At The Movies
A teenage girl overcomes the loss of her brother by fighting the odds to play competitive soccer at a time, the late '70s, when girls' soccer did not exist. Review on Page 27. (PG-13)
From Judd Apatow, the man behind "The 40-Year-Old Virgin," comes a comedy about a mismatched couple who find themselves parents-to-be after a drunken one-nighter. Review on Page 26. (R)
Renee Zellweger stars in the biopic of renowned children's author Beatrix Potter, who overcame a domineering mother and the chauvinism of Victorian England to become the creator of the forever memorable Peter Rabbit. Ewan McGregor and Emily Watson co-star. Review in Friday's Today section. (PG)
Mr. Brooks 1/2
Kevin Costner stars as a respected family man trying to hide a deep, dark secret: He's a cunning serial killer. Review on Page 18. (R)
Are We Done Yet?
Ice Cube and Nia Long return in the sequel to the popular "Are We There Yet?" Nick and his ever-growing family move out to the Oregon countryside and have an adventure rebuilding their dream Victorian house. No cleverness was exerted on this movie, as it's more of an endurance test than a comedy.
Bridge to Terabithia
An 11-year-old boy has his life changed forever when he befriends the tomboy class outsider. Together, they create an imaginary kingdom filled with ghosts, trolls and other magical beings. This is a perfect family-friendly movie and even a bit of a tear-jerker.
Shrek the Third
Everybody's favorite green ogre is back, this time embarking on a quest to find a suitable replacement king (besides himself) to rule the land of Far Far Away. This final installment in this monster of an animated franchise still subverts the fairy tales we grew up with, but it's smothered in a suffocating sense of been-there, done-that. While it's visually more dazzling than ever, it lacks the zip of its predecessors.
The Teenage Mutant Ninja Turtles are back on the big screen, this time in CGI animation. The team reunites when tech-industrialist Max Winters amasses an army of ancient monsters to apparently take over the world. The movie is entertaining to look at and listen to, albeit on the level of a well-crafted video game.
Away From Her
The comfortable life of an aging couple living in the country is disrupted by the wife's onset of Alzheimer's, something she realizes, and insists upon going to a full-time care facility. The film is far from depressing because actress Julie Christie goes down like a luminous ship at sea. In the end, nothing's for keeps, not even matters of the heart.
Blades of Glory
Will Ferrell and Jon Heder star as rival figure skaters, banned and disgraced from competition, who, in an attempt to make their return years later, team up to perform as the first male-male pair in the sport. There's enough material here for a great little "Saturday Night Live" sketch, but the trouble is there's an extra 80 minutes or so of downtime in which the cast has to repeat their characters' shallow schtick again and again.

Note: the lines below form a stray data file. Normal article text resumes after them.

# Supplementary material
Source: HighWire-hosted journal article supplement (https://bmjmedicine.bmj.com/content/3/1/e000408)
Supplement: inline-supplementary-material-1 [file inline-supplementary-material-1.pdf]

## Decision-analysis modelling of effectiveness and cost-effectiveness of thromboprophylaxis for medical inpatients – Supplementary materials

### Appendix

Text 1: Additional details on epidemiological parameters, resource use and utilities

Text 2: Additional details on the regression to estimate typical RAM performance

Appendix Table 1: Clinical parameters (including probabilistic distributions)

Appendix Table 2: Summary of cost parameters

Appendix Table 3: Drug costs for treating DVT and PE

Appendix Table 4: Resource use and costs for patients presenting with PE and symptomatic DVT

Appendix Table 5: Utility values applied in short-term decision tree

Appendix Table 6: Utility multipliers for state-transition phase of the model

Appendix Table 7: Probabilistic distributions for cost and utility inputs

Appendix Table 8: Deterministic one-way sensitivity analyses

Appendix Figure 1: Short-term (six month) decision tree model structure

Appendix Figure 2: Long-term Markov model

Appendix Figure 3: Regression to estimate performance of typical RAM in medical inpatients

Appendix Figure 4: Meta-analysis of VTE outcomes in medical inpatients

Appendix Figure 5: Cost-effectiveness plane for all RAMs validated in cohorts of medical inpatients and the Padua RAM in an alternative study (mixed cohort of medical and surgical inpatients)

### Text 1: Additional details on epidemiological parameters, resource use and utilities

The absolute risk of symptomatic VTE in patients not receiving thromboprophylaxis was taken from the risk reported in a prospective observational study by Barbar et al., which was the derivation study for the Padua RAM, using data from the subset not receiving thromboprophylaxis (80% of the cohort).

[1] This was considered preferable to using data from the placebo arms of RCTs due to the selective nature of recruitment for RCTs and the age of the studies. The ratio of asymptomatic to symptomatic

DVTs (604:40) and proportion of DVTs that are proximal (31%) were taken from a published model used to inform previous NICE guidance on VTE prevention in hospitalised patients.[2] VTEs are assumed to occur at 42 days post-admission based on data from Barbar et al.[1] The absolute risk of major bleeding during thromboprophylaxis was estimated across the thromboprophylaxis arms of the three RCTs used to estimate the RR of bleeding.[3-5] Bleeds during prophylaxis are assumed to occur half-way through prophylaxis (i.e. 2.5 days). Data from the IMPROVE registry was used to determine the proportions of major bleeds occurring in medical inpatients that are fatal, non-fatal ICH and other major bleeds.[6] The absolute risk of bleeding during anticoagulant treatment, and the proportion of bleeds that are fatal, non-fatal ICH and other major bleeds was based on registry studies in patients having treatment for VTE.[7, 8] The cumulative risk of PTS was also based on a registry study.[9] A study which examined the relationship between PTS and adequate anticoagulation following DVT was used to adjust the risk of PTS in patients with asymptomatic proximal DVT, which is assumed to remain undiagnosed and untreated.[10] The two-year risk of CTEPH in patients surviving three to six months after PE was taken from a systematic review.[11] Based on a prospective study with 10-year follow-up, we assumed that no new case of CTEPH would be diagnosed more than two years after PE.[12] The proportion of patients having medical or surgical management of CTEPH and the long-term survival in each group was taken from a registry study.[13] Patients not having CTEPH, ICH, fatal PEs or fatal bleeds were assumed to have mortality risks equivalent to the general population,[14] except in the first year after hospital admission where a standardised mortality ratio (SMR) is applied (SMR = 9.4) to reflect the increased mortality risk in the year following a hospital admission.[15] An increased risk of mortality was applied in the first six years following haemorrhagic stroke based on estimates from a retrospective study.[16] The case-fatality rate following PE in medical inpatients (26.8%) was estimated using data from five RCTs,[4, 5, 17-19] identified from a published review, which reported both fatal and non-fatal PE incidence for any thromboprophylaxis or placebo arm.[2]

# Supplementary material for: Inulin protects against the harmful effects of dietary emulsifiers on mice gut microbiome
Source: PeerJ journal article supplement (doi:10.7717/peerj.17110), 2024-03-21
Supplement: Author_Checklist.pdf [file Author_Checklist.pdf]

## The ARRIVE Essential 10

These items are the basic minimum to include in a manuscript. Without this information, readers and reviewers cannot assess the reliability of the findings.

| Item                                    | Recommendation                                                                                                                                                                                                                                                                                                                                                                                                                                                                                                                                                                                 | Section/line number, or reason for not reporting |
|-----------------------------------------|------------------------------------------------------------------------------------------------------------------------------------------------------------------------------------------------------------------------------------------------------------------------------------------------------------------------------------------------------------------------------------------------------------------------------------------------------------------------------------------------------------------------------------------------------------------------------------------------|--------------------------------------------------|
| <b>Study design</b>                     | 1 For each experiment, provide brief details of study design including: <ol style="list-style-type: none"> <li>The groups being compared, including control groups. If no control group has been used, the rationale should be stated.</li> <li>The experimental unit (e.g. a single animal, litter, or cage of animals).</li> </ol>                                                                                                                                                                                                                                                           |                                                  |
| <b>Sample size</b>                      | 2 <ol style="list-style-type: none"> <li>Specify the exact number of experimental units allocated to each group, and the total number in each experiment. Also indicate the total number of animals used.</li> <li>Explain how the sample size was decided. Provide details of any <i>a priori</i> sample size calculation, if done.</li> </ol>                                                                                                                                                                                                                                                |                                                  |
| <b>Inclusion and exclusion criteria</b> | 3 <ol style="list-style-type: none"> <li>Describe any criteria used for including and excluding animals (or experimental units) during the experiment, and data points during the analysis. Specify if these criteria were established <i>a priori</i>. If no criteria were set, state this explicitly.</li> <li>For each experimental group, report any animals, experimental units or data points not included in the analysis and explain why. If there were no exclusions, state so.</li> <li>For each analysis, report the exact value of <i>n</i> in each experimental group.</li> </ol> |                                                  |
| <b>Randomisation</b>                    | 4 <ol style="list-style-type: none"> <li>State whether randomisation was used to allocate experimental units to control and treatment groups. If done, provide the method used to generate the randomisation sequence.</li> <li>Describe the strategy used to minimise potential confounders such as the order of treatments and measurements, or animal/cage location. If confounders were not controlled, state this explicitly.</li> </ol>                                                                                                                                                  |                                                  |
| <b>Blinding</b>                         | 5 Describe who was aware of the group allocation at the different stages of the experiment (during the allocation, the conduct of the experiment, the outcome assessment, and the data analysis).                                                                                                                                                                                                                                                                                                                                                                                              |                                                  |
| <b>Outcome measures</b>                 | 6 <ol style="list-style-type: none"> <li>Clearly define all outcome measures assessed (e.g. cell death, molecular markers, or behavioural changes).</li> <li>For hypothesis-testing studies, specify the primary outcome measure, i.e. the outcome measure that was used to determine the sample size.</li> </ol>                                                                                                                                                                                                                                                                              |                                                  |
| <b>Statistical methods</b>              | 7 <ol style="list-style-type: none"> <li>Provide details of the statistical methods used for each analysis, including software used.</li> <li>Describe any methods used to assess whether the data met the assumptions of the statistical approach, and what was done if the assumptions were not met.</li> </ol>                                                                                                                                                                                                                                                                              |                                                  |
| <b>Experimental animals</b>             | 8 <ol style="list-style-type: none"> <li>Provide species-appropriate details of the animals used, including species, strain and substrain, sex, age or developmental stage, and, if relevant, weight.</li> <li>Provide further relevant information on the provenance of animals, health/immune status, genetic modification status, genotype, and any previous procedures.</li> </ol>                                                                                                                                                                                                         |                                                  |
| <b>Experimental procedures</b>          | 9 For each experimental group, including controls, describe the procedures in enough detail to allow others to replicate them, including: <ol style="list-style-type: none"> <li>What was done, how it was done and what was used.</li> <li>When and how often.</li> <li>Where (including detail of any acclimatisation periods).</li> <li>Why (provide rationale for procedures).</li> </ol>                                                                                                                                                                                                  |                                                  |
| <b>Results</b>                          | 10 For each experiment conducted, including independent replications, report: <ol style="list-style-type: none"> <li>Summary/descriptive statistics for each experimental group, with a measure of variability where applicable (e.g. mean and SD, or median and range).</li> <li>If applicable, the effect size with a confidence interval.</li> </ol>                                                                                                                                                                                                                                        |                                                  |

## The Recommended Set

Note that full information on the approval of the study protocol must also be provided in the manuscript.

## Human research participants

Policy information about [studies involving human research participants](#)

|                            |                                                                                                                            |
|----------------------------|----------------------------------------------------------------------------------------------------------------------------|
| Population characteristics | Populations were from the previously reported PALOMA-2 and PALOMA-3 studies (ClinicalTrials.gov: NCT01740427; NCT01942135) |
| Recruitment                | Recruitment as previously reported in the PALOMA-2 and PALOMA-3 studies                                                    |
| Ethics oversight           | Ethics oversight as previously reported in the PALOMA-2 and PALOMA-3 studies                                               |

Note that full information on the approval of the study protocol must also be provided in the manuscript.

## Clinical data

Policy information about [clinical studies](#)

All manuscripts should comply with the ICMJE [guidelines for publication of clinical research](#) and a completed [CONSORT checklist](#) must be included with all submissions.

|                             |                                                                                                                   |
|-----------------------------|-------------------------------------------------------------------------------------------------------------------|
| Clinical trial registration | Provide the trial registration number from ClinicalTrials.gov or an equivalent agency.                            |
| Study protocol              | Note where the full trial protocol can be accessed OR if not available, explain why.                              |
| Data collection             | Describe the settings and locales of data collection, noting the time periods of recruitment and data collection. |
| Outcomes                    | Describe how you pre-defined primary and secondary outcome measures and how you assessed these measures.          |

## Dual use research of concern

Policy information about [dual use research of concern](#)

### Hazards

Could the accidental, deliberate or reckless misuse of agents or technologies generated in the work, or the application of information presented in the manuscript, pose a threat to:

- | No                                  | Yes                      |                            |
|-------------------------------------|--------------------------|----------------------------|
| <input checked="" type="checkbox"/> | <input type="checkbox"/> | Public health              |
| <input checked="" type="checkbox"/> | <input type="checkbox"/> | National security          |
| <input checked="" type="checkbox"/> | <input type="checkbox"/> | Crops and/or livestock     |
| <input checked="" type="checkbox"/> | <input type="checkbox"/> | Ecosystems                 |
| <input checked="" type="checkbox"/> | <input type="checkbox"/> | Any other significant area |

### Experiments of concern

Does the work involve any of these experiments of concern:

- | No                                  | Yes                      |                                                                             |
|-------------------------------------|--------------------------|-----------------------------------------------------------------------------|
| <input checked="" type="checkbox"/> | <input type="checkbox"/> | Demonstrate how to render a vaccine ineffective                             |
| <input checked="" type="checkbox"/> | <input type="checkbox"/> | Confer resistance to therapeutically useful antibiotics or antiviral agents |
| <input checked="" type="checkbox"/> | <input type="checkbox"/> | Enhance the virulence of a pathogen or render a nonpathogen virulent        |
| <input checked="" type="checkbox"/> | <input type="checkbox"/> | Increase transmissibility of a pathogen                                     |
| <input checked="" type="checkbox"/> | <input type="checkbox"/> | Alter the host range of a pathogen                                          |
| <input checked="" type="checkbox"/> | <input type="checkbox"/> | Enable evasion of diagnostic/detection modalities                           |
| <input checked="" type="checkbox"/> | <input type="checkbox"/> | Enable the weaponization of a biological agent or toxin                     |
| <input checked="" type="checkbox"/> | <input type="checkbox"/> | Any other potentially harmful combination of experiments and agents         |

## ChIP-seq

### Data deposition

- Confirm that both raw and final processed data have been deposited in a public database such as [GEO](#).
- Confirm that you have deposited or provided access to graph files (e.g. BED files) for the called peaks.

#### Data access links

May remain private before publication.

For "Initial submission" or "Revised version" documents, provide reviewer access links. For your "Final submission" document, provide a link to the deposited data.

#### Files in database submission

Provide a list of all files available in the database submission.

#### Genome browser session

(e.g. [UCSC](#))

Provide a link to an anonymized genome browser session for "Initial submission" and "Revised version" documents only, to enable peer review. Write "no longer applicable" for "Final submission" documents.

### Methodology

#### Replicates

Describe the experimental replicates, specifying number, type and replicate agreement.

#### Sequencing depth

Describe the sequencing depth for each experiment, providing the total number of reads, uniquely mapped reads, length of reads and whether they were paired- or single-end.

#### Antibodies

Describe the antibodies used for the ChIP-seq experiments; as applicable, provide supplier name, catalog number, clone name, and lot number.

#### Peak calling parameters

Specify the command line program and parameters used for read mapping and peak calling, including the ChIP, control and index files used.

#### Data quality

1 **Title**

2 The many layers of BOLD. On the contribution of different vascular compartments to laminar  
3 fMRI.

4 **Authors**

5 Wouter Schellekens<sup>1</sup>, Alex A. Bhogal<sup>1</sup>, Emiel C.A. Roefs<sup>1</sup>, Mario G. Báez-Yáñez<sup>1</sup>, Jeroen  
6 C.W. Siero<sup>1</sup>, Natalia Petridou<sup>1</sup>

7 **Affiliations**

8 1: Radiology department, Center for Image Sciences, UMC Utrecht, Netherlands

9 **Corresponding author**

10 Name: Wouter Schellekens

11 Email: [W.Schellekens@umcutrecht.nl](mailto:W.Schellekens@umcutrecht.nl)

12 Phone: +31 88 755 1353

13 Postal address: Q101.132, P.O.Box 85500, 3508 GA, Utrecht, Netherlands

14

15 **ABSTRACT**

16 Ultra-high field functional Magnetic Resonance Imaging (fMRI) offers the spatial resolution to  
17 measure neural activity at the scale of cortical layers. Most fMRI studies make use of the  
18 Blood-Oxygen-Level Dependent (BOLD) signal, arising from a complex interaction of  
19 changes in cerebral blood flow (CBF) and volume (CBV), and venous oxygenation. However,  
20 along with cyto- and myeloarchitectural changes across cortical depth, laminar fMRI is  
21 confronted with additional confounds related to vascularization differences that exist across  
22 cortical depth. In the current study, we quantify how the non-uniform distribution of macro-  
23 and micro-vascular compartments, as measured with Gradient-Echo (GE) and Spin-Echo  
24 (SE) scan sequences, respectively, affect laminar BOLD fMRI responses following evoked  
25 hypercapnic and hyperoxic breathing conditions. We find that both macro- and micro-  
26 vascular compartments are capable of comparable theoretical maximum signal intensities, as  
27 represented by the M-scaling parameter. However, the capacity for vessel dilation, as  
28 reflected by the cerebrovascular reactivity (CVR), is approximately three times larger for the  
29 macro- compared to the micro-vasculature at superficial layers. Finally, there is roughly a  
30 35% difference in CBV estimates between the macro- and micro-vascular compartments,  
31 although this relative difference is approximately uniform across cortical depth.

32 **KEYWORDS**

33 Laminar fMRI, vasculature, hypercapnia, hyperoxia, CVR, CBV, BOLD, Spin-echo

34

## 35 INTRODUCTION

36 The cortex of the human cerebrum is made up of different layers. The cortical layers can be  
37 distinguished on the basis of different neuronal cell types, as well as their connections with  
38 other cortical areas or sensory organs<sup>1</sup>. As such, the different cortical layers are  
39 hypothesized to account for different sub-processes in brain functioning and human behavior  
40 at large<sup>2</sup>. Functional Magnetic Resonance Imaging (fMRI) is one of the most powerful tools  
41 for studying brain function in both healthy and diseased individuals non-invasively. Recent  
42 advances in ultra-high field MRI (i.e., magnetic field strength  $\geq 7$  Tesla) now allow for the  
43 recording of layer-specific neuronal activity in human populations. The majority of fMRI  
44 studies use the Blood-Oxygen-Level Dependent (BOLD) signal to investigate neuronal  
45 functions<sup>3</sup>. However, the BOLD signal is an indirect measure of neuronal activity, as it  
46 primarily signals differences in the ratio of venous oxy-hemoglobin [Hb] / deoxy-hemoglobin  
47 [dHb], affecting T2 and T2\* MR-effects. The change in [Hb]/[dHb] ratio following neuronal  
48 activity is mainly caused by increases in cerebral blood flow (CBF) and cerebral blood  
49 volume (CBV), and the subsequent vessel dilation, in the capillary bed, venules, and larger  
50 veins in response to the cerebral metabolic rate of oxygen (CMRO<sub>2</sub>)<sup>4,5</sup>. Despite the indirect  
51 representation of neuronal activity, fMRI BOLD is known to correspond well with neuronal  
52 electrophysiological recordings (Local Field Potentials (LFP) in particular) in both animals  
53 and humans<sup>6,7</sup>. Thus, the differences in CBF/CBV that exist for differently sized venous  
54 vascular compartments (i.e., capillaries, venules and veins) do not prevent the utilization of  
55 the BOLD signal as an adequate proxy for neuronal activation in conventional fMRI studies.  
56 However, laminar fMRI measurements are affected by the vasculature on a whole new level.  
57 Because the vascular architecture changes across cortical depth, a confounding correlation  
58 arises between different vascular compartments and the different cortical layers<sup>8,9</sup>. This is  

In a contemporary variation on Alfred Hitchcock's "Rear Window," a young man (Shia LaBoeuf) under house arrest becomes a voyeur from his window and suspects that one of his neighbors is a serial killer. This decent thriller is far smarter than most big studio flicks with teen protagonists, and even though it's completely predictable, LaBeouf comes off as a sturdy leading man.
The Invisible 1/2
Attacked and left for dead, a young man's spirit finds himself trapped in limbo -- not quite dead but invisible to the living. His spirit can only watch as his mother and the police search frantically for him, unaware that he is only hours away from truly perishing. It's a fully felt, decently crafted teen B-movie.
A middle-class Indian family moves from Calcutta to New York in the late 1970s to start a new life, but it's a lifelong balancing act to meld into a new world without forgetting the old, as the college-age son particularly finds out. Director Mira Nair has created a gentle and compassionate variation on the often-told immigrant movie theme, and Kal Penn puts in a crackling star performance as the conflicted son.
Nicolas Cage stars as a man who can see into the future, an ability that makes him a target of the FBI, who want him to help stop America's enemies before they strike. This supposed paranormal thriller, unfortunately, shows how a solid crew of filmmakers and performers can apply a big-studio budget to a good story and still have absolutely everything come out wrong.
Pirates of the Caribbean: At World's End 1/2
With Jack Sparrow trapped in Davy Jones' locker, Will and Elizabeth ally with Capt. Barbossa on a desperate quest to free him. But first, the trio must forge their way to exotic Singapore and confront a cunning Chinese pirate. Generous as the movie may be with action and spectacle, there's still a ponderousness to this sequel that counterweights the good booty.
Starring Sandra Bullock as a woman whose husband is killed in a car wreck one day but turns up alive and well the next, the movie plays out too tranquilly in the early going to build much suspense. It teases viewers with the promise of great twists or revelations, making the unsatisfying conclusion the more annoying. It's a shame, because Bullock breathes far more soul into the role than her superficially written character merits.